THERE IS NO MORE DEPRESSING SIGHT THAN, WHEN OPENING A BOX OF YOUR FAVOURITE HAVANAS, YOU FIND THE CIGARS INSIDE RIDDLED WITH HOLES. IT MEANS THAT YOU HAVE SUFFERED AN ATTACK BY THE TOBACCO BEETLE. The term Tobacco Beetle garners several images in the heads of those who hear it. Some people may have an image of a beetle relaxing in a recliner, smoking a pipe and reading the Termite Times, others may picture tiny bugs festering on the leaves of tobacco plants, sniffing in the aroma of luxury. But, for the cigar lover, the term Tobacco Beetle produces a chilling image that is unmistakable: a bug, a humidor, and a big problem.
What Is A Tobacco Beetle?
To defeat this enemy, you must first understand him. The scientific name for the tobacco beetle is Lasioderma serricorne. Adult Lasioderma serricorne are between 2 and 4 mm long, squat in appearance, being compact and almost hemispherical. Red-brown in color, and showing a covering of fine hairs, Lasioderma serricorne is relatively distinctive.
Larval stages are very hairy and generally reach 4mm length. The female will lay between 20 and 100 eggs singly, over several days (@ 20° c). The eggs generally hatch at 1 week, depending on conditions. Larvae mature over 6 - 10 weeks to puparium stage where they will lie in a cocoon of food particles for 1 - 2 weeks until eclosion or adult emergence. The process from egg to adult takes between 8 and 13 weeks. Larvae become dormant and may hibernate below 60° F / 16° c.
Eggs are also laid in the folds of bundled tobacco in storage, never in fresh tobacco in the field. The open ends of cigars are also sensitive areas for oviposition (placing of eggs), where product quality may be severely and detrementally affected. Generally however, they will not enter packaged product for oviposition. Adults are strong fliers, and are particularly active in subdued light at temperatures above 65° F / 18° C.
Why should I worry about having tobacco beetles, they are so tiny?
Don't be fooled by the miniscule size of these voracious villains. They attack your cigars in great numbers. Dozens, if not hundreds, of tiny beetles can infest your humidor, causing you to potentially lose one big investment in prized cigars.
The larval stage, just after the eggs have hatched, is the most destructive period in the pest's life. In this stage, the longest phase in the beetle's life, the insect forages fiercely for food and can wreak its most expensive damage in choice cigar wrappers, where just a few holes can ruin an otherwise perfect leaf in no time. Occasionally, the larvae burrow between tightly packed cigars, leaving channels down the lengths of both cigars. Or, they burrow crosswise, across through several adjacent cigars. The stage runs from six to 10 weeks.
And don't count on the safety of cellophane wrappers to create a barrier between cigars: the beetle has been known to punch right through even metal foil packaging. Lasioderma not only ruins cigars and cigarettes, but it is also a pest of mustard, chili peppers, cloves, raisins, and upholstery material. It can also cause serious damage to books and all kinds of dried plants.
In the next phase, the insect is harmless. As it turns into a pupa, it rests motionless within a cocoon for one to two weeks. Finally, more than two months after the eggs were laid, an adult beetle emerges, leaves behind the pupal casing and tunnels its way to the outside world. Adult beetles don't do any heavy eating, but leave 1/16-inch diameter holes in cigars' wrappers as they clamor outward.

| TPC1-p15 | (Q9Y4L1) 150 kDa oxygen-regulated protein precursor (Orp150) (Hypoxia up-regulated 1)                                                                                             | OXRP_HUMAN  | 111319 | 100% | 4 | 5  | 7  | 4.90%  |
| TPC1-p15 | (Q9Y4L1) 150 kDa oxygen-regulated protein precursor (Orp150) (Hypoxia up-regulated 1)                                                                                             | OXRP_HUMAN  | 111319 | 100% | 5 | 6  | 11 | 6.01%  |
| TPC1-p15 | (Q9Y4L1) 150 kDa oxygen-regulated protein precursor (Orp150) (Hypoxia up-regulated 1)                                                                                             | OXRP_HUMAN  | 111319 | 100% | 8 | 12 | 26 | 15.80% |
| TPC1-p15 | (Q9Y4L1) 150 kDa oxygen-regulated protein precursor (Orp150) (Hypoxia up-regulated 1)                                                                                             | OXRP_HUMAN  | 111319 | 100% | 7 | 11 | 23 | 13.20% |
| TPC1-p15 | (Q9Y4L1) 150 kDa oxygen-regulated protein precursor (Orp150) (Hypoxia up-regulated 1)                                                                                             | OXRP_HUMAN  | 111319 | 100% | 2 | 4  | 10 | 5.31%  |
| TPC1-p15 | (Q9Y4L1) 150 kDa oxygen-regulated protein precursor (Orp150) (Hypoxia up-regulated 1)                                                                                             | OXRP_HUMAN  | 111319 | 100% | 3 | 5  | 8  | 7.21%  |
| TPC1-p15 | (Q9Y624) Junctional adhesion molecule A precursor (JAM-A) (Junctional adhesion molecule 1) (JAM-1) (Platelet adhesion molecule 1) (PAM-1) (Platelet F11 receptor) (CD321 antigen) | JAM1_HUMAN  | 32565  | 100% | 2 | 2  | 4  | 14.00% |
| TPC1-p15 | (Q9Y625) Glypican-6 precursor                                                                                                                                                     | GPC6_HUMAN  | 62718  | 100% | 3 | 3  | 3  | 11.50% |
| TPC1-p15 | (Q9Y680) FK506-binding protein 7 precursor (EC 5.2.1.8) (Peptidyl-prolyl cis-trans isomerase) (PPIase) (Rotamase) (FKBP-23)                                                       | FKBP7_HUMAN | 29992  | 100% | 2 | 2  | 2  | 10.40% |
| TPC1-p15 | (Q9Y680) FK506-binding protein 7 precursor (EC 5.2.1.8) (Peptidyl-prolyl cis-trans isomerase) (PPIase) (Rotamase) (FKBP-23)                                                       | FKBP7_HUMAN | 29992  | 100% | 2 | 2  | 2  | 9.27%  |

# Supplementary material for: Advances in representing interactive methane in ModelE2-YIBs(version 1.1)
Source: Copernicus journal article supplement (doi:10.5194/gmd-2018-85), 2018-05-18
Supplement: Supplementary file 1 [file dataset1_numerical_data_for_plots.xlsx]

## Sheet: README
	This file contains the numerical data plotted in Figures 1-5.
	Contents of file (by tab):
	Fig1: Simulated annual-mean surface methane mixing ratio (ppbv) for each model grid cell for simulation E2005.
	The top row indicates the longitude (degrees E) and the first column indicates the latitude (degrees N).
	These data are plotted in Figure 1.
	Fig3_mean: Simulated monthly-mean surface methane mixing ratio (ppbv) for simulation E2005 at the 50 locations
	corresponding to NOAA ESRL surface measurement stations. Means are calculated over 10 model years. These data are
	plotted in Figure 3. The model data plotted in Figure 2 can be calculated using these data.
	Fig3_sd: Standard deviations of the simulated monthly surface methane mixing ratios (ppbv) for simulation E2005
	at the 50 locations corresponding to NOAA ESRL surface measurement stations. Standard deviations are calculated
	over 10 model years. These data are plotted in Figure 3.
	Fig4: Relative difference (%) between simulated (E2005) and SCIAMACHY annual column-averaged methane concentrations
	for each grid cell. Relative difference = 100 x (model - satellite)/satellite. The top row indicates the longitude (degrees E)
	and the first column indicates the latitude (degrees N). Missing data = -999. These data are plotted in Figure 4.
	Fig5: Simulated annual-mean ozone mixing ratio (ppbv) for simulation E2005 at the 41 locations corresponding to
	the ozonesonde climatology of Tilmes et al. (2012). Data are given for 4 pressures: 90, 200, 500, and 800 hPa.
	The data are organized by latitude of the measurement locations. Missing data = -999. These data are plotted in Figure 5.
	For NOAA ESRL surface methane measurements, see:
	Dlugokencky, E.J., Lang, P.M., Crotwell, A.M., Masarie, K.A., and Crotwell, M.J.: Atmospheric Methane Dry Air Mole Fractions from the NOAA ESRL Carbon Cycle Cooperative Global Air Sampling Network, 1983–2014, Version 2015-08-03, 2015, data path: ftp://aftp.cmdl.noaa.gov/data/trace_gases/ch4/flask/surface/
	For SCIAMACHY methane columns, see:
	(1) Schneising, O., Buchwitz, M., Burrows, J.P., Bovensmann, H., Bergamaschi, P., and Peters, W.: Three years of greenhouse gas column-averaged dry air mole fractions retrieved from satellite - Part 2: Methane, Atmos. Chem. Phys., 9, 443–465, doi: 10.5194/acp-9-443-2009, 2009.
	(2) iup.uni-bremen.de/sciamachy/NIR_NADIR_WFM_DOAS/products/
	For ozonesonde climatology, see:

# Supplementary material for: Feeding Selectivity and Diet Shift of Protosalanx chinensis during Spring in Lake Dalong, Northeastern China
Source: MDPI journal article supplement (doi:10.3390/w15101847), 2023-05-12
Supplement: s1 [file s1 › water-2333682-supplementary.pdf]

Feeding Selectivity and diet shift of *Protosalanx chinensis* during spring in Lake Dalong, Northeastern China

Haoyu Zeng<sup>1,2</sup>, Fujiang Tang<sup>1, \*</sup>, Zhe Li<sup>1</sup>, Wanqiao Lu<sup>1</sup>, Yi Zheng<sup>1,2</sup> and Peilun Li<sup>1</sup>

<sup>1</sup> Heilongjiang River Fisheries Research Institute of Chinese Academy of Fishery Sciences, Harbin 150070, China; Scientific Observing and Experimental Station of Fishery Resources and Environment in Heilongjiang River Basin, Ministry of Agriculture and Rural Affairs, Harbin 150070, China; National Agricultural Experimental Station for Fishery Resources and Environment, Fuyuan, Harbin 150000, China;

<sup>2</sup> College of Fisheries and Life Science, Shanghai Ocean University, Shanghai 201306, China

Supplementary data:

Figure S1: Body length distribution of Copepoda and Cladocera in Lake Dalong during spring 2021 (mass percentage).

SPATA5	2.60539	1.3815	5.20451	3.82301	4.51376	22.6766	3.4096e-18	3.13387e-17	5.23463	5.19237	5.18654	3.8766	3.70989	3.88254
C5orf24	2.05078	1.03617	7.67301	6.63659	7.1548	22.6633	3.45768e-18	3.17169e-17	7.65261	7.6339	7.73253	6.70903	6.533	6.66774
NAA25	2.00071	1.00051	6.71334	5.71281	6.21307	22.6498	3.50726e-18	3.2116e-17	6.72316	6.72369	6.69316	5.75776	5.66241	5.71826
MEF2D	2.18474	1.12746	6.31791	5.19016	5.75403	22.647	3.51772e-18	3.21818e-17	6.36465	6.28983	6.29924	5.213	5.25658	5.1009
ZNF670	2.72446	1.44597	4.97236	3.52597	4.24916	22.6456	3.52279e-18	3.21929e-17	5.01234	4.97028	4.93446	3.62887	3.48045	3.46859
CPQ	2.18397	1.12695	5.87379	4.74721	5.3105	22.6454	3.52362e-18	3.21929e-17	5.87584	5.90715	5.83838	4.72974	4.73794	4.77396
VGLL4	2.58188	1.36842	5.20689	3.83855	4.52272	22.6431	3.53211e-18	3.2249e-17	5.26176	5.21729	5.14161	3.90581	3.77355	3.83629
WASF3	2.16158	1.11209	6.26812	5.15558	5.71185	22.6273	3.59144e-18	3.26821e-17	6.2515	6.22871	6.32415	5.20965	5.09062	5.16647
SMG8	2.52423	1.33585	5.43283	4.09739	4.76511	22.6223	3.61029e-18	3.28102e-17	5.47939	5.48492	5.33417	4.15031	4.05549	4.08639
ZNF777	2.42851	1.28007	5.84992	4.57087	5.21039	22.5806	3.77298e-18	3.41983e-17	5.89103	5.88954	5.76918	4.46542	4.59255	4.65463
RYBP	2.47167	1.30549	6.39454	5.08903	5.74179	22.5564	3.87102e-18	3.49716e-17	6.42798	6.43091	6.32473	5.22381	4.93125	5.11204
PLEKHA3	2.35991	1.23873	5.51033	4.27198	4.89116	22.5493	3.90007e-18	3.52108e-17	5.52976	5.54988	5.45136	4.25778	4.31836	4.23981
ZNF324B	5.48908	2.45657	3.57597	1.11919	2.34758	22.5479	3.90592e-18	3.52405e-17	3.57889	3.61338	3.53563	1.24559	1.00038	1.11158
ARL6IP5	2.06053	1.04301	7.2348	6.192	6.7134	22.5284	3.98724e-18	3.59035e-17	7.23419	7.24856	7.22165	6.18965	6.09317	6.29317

An adult Lasioderma serricorne can burrow the length of a cigar, right down the inner center, without leaving a telltale hole in the wrapper. Often, there won't be any obvious signs. Warning signs could be a burn that's not even, a draw that's sticky, or one that leaves dust in your mouth. A dead give-away is reddish powder in the cigar box, or more obviously, beetles crawling around on your cigars.
To put it simply, The beetle will eat its way out of your cigar, leaving behind a tiny circular hole and a trail of black dust. Your cigar will be ruined. Even if you could get it to draw with the hole; or several holes, as the case so often is with a beetle-damaged cigar, you wouldn't want to because of the dust they leave behind.
What should you do if your cigars become victims of beetles?
The best way to prevent beetles from appearing in the first place is to make sure the humidity and temperature are kept on the low end. A temp/humidity level of 62°/67% is perfectly acceptable and will also help prevent mold. The main cause for beetle infestation is too much heat and/or humidity. They LOVE it. (It's actually the larvae that feed on the tobacco.) The only thing that kills them dead is COLD. If you find that you do have a beetle problem, put all of the cigars from the infected humidor in a sealed plastic bag and place them in your freezer for three days. I say "ALL" because if you find one cigar that's been attacked, you can assume the others may follow. Freezing the cigars will kill the beetles and their larvae and prevent the problem from spreading. When you take the cigars out of the freezer, don't put them right back in the humidor. Put them in the refrigerator for one day to avoid shock from the temperature change, which could cause the wrappers to split. Before you replace them in your humidor, wipe the empty humidor with a clean cloth lightly dampened with distilled water. DO NOT use any cleaners, bug spray or disinfectant. They'll just ruin the wood and give your cigars a foul taste. To help prevent the beetles from returning, purchase a good quality digital hygrometer/thermometer as the thermometer is very accurate. Also, make sure the room in which you keep your humidor is not subject to extreme changes in temperature. Don't place the box in direct sunlight and check your humidifier regularly. Leave putting bugs in your mouth to contestants on Fear Factor.